Physicists often have very precise mathematical theories to describe physical systems but are limited in their abilty to describe the physical world because so few of these theories are amenable to analytic solution. Invariably physicists must resort to approximate solutions using mathematical calculations which can be conveniently performed in order to obtain useful results that both broaden and deepen our understanding of physics. This has spawned the field of Computational Physics, which is the study and implementation of numerical algorithms to solve problems in physics for which a quantitative theory already exists. These approaches are often very demanding in terms of processing power and/or memory requests of the computers used to solve the physics problems, and limit the extent to which these problems can be solved. Computational Physics therefore also encompasses the development of software and exploiting the features of computer hardware to solve these problems. Due to computational physics, capabilities such as weather forecasting are now possible that have a direct impact on people's daily lives.
As stated in our name, at Computational Physics, Inc. we delve into the computational aspects of physical problems, investigating techniques for the numerical solution of mathematical equations arising in all areas of physics. Although computer performance has increased dramatically over the last few decades, and continues to do so, physicists are still limited in their ability to solve problems by the algorithms implemented and available computer processing power. At CPI we investigate faster ways to perform the physics calculations by developing more intelligent algorithms or exploiting cutting edge hardware technology to accelerate the computations. One such capability that CPI has investigated is using Graphics Processing Units (GPUs) to accelerate radiative transfer calculations.
The advent of GPUs and the technical advances in their tremendous computational speed and very high memory bandwidth, has opened the possibility of increasing computational power for assimilation of satellite data in numerical weather prediction in a more cost effective way. Their combined features of general-purpose supercomputing, high parallelism, high memory bandwidth, low cost, and compact size now make GPU-based desktop computing an appealing alternative to massively parallel systems comprised of commodity central processing units (CPUs) (e.g., Beowulf clusters). However, exploiting this architecture for data assimilation requires executing fast radiative transfer (RT) models on GPUs, which is significantly more complicated to implement than simply porting code written for CPU-based architectures. There is therefore a need to develop and demonstrate the capability of much more rapidly executing fast RT calculations using GPU architecture to allow for affordable operational processing of high-volume hyperspectral data in data assimilation and the next generation of atmospheric soundings.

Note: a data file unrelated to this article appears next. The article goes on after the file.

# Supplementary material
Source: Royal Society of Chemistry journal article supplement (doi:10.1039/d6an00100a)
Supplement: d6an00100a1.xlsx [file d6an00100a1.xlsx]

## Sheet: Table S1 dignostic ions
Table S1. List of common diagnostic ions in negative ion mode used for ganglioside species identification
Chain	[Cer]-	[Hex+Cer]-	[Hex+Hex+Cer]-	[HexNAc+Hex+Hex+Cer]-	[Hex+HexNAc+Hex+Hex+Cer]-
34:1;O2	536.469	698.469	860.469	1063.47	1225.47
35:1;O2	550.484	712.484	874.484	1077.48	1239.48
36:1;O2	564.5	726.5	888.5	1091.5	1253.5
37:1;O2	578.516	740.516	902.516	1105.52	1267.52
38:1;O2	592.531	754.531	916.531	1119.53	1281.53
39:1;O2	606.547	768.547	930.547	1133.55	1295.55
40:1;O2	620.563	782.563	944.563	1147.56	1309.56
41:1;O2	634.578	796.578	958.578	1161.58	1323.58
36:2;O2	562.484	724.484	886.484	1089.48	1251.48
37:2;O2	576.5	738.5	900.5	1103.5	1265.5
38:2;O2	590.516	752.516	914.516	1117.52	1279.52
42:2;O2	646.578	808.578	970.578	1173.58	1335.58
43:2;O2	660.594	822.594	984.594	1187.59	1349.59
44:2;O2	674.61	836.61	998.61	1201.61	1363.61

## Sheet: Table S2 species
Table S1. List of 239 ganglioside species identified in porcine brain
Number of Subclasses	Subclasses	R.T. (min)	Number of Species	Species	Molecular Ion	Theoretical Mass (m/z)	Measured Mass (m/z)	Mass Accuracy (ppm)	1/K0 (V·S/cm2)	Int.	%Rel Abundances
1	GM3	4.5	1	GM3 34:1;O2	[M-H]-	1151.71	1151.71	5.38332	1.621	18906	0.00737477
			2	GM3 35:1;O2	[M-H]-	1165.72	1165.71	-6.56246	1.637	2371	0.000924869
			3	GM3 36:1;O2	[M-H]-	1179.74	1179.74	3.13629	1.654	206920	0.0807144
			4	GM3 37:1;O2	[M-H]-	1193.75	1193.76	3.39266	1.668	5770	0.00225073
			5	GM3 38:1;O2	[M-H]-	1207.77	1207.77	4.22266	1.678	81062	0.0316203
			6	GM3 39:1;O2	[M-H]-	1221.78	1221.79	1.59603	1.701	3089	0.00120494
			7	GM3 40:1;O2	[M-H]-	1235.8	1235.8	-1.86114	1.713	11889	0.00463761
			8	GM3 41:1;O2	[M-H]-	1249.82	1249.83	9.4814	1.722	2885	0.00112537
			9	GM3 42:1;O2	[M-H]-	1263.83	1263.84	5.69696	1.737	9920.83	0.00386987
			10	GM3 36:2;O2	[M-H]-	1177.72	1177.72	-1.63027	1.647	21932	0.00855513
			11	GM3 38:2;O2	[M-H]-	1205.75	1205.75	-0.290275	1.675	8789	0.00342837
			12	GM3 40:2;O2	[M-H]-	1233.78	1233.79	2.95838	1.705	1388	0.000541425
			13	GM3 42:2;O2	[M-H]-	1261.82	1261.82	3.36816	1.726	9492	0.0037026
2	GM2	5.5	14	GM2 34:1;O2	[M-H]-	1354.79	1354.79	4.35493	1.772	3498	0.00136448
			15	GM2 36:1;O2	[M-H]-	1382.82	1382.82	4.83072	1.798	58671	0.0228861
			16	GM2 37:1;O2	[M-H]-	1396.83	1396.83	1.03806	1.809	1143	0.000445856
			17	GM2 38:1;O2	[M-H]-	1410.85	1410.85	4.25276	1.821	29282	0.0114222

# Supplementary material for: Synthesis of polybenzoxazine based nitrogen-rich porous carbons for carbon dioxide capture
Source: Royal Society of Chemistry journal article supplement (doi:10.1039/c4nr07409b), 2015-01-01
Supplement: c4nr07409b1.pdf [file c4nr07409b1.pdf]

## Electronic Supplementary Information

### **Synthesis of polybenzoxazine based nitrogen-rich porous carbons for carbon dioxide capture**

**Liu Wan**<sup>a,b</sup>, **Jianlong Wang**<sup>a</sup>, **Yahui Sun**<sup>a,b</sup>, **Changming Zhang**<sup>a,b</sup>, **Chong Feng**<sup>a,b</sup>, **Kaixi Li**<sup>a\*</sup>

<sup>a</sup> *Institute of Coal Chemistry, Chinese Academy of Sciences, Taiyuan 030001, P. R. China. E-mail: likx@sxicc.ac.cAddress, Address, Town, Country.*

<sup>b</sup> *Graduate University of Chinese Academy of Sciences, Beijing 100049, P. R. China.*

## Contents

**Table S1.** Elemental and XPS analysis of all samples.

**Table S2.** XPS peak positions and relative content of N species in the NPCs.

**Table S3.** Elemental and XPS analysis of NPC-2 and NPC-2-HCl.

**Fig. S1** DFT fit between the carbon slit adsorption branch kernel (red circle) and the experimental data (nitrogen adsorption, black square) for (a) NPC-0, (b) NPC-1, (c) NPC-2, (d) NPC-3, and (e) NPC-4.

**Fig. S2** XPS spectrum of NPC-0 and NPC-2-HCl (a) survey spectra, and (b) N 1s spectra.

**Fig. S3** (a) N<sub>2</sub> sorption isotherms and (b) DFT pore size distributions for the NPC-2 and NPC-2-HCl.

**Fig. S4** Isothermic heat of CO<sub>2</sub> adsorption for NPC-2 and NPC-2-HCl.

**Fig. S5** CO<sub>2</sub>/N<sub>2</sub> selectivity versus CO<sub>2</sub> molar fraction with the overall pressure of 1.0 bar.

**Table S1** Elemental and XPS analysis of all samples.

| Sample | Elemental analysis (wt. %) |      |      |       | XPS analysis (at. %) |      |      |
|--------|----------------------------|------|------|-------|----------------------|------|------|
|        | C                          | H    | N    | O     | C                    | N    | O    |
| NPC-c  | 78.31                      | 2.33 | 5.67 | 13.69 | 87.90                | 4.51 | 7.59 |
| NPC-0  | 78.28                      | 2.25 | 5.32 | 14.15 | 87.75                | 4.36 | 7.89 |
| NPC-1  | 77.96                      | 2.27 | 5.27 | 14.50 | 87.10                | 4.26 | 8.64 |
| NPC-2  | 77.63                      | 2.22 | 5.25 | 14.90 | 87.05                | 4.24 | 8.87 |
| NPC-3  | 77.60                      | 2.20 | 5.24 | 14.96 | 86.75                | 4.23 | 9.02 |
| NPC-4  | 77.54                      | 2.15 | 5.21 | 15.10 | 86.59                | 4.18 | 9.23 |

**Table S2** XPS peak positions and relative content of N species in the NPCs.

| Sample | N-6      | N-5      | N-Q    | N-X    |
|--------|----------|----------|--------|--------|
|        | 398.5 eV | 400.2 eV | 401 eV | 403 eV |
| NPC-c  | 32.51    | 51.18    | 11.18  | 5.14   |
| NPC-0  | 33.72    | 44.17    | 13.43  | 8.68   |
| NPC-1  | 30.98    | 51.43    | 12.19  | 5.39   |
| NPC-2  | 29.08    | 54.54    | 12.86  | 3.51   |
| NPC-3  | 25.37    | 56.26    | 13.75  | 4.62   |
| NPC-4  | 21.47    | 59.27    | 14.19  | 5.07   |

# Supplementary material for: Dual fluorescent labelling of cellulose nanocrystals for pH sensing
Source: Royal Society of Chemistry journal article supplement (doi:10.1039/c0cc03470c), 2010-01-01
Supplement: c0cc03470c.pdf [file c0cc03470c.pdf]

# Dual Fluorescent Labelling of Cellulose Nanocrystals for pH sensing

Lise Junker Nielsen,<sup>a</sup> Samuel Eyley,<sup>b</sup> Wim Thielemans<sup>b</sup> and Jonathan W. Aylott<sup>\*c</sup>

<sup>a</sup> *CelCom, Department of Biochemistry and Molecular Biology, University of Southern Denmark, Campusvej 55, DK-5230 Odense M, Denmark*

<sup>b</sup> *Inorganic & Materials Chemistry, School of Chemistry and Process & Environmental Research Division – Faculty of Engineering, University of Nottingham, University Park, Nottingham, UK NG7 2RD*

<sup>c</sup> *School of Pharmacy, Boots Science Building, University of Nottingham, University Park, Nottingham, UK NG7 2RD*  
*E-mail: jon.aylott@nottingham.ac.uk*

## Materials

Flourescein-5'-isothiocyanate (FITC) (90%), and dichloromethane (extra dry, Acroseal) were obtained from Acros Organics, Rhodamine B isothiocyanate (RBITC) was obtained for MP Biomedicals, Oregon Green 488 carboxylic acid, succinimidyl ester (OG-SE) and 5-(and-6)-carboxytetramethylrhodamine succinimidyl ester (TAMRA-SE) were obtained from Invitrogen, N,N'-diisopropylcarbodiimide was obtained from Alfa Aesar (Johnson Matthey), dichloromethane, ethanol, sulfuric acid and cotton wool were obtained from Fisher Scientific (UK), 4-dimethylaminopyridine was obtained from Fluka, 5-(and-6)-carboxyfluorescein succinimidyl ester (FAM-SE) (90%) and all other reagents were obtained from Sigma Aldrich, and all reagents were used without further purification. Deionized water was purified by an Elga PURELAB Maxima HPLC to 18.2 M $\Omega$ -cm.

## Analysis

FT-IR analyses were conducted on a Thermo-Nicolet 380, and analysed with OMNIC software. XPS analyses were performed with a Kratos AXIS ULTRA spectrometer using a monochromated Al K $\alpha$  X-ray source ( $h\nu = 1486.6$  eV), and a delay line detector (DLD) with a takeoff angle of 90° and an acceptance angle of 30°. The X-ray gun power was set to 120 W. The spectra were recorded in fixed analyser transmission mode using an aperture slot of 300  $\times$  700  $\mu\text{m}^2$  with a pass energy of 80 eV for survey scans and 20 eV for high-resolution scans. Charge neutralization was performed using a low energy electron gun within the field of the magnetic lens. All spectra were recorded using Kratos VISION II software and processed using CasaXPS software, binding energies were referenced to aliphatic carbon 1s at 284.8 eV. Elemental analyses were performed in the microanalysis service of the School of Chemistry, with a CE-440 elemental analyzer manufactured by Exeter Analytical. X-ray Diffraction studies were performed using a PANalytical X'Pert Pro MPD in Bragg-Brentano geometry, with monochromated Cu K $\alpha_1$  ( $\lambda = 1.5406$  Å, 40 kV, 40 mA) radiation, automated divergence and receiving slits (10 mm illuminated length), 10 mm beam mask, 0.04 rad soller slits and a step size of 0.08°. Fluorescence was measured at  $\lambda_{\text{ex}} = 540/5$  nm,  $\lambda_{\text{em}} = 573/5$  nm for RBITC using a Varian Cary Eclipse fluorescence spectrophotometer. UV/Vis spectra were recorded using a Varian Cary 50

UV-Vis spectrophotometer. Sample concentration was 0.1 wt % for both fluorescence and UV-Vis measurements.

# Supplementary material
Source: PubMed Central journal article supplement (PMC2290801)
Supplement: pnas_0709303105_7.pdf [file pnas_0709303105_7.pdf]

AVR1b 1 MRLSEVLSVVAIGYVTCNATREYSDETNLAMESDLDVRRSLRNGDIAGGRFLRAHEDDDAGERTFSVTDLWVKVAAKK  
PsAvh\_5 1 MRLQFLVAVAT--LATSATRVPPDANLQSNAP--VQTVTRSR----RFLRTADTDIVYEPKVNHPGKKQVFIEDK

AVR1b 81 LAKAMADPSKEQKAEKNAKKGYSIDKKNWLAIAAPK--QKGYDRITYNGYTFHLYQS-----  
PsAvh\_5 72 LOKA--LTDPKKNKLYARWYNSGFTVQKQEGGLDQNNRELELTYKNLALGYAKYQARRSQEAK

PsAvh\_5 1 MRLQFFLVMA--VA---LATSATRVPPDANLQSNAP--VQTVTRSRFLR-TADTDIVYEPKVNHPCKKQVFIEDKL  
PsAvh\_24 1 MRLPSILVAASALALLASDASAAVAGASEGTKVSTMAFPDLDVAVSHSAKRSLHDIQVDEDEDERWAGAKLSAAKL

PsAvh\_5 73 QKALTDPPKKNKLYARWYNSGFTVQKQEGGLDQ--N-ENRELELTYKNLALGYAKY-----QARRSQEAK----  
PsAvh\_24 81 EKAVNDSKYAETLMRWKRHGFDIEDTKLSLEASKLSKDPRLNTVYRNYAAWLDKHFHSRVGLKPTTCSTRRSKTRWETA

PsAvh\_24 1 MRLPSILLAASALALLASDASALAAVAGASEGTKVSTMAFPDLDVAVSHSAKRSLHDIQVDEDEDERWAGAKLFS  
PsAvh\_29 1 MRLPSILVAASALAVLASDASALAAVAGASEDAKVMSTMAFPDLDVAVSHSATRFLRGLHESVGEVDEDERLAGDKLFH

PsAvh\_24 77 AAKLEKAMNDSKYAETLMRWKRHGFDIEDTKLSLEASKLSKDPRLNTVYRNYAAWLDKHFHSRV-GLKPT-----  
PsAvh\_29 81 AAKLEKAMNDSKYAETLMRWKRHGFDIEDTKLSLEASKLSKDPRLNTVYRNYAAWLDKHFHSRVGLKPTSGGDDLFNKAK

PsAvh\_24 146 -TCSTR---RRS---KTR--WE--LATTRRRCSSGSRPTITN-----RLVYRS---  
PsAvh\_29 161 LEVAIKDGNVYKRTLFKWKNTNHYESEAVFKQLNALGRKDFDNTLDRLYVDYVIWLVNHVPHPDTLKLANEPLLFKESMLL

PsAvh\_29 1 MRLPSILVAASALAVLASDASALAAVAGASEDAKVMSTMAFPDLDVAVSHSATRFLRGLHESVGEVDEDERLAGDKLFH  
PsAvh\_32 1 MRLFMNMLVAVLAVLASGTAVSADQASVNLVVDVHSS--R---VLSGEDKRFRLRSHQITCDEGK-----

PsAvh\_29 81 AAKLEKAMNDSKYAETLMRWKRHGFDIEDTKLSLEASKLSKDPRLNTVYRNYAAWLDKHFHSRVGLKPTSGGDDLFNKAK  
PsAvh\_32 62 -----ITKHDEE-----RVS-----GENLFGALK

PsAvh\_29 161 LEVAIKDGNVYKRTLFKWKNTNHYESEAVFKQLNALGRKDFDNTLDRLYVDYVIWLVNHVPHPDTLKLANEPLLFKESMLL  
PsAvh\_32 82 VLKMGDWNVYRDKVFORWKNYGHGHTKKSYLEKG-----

Under an internal research and development (IR&D) effort, a scene material classification tool called the Hyperspectral GPU Processor (HypGP) has been developed to assist CPI scientists in obtaining terrain and ocean scene material types for a number of CPI scene generation codes (e.g., ISIS, GAIA, OCEANUS). The HypGP tool performs atmospheric compensation using global climatology data bases generated by the MOSART code. Atmospheric transmittance, solar/lunar/thermal path radiance, direct solar/lunar terrain irradiance, and diffuse solar/lunar/thermal irradiances are estimated. A similar technique was developed for Landsat data and compares favorably with ground-truth data. Using a spectral angle mapper routine and the MOSART Terrain Material Library of over 180 materials, the terrain viewed by a hyperspectral instrument can be easily classified.
As an example, an AVIRIS scene of Moffett Field, California, which consists of 753 samples and 1924 lines (for a total of almost 1.45 million hyperspectral pixels) with 224 spectral channels, has been fully processed by HypGP using a subset of 81 terrain materials from the MOSART library (i.e., snow, ice, clouds, fabrics, and painted metal were not included). The HypGP code exists in two forms, namely, a straightforward implementation that uses Fortran 95 coding and processes the AVIRIS hypercube on a CPU and one that uses CUDA Fortran coding to process the AVIRIS hypercube on a 240-channel GPU. Considering the time required to process the hyperspectral data (i.e., ignoring the time required to ingest the hypercube and to output the terrain classification), the CUDA Fortran/GPU version of HypGP runs approximately 30 times faster than the Fortran95/CPU version on the same machine. For this use case, the summary information compared exactly, and the CPU-generated and GPU-generated scenes are both visually and numerically identical.